We can copy the subtitles exported by Language Reactor into Obsidian and read them as articles. Besides learning purposes, you can also use this plugin while watching YouTube videos. It displays subtitles in both English and Chinese, and you can click on unfamiliar words in the subtitles to see their definitions.

However, reading texts isn't always the most efficient way to learn about some abstract concepts. As the saying goes, "A picture is worth a thousand words." What if we could link a segment of text to corresponding images or even video operations? While browsing the Obsidian plugin marketplace, I discovered a plugin called Media Extended. This plugin allows you to add links in your notes that jump to specific times in a video, effectively connecting your notes to the video! This works well with the video subtitles mentioned earlier, where each line of subtitles corresponds to a time stamp, allowing for jumps to specific parts of the video. This means you don't have to cut specific video segments; instead, you can jump directly within the article!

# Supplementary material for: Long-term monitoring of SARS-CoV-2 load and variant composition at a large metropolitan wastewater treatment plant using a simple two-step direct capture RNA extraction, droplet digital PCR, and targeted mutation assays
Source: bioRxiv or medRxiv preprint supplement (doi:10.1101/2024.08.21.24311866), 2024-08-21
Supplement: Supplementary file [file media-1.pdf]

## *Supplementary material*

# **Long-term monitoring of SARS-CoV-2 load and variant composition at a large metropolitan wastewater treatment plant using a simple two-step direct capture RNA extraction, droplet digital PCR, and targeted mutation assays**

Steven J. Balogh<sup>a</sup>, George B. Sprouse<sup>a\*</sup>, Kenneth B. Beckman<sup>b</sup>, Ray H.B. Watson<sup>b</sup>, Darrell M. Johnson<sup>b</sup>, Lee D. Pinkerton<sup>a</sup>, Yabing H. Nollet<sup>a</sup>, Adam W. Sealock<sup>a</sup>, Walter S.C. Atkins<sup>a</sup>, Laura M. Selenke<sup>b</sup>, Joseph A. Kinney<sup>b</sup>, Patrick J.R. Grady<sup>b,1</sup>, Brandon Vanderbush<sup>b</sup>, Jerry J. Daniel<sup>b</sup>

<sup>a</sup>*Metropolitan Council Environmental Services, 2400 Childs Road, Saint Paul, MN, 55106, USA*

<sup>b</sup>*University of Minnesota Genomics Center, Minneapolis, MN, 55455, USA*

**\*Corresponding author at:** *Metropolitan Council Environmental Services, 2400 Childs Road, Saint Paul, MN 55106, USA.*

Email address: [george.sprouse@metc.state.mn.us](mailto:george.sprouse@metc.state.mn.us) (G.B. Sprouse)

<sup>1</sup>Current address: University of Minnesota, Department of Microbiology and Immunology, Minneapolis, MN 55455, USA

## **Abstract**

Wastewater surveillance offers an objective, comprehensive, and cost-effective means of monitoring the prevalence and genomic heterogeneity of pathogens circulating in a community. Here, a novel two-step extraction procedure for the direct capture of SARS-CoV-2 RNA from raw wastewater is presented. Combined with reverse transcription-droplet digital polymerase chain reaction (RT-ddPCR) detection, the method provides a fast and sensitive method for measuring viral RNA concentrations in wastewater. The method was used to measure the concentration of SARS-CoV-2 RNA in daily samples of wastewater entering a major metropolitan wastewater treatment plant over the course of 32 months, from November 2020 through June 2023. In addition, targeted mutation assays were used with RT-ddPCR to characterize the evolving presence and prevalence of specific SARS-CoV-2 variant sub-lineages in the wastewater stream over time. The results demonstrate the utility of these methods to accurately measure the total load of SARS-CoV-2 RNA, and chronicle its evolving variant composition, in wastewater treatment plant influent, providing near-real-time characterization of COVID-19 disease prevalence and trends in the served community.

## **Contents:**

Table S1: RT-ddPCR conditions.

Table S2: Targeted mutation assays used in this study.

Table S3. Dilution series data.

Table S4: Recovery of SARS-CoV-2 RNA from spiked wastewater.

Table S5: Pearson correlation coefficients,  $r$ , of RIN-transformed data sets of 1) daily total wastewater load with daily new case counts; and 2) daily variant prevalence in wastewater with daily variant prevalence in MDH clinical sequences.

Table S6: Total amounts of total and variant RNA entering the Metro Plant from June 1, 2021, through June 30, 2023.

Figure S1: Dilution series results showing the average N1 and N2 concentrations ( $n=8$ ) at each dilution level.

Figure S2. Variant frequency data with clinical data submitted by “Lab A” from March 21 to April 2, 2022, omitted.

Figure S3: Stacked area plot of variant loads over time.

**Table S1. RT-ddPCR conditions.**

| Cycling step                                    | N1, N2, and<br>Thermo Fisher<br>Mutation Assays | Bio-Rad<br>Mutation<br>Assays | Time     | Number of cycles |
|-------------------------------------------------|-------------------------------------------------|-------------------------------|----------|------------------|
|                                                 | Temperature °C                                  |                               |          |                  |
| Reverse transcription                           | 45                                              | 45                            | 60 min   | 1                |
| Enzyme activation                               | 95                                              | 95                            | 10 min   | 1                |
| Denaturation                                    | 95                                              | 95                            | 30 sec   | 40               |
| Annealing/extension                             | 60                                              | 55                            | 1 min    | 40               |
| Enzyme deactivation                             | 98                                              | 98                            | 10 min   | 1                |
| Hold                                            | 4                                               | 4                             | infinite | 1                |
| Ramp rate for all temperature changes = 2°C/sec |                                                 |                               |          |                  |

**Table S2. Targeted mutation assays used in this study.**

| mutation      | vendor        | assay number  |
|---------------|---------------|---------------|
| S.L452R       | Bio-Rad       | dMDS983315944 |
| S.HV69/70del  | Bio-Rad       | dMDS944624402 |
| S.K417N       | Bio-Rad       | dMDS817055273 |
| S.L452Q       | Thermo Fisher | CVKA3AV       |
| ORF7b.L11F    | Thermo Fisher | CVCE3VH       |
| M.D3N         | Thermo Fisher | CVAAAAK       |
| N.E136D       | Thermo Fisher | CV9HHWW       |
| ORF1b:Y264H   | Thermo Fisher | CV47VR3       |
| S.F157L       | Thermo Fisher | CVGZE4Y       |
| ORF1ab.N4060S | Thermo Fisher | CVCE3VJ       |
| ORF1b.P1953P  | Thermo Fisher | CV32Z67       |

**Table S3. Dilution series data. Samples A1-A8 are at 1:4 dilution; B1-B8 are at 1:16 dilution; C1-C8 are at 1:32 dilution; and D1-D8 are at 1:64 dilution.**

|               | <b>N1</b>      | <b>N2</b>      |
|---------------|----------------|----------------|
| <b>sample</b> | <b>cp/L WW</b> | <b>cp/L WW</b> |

Obsidian also has a powerful plugin called Annotator, which allows you to jump from notes to the corresponding section in a PDF.

Now, with Obsidian's built-in double-chain feature, we can achieve inter-note linking, and with the above plugins, we can extend these links to multimedia. This completes the process of information handling. Learning often involves both a challenging ascent and a familiar descent. So, how can we incorporate the review process into this workflow?

Information Review

Obsidian already has a plugin that connects to Anki, the renowned spaced repetition-based memory software. With this plugin, you can export segments of your notes to Anki as flashcards, each containing a link back to the original note.


This workflow evolved over two years of learning in my spare time. Frustration with repetitive processes led to specific needs, which were fortunately met by tools I discovered online. Don't force tools into your workflow just for the sake of satisfaction; life is short, so focus on what's truly important.

By the way, this article discusses the evolution of the workflow. If you're interested in the details of how this workflow is implemented, I recommend reading the following articles in order after this one:

  1. 3000+ Hours Accumulated Learning Workflow
  2. Advanced Techniques in Obsidian | Creating Notes that Link to Any File Format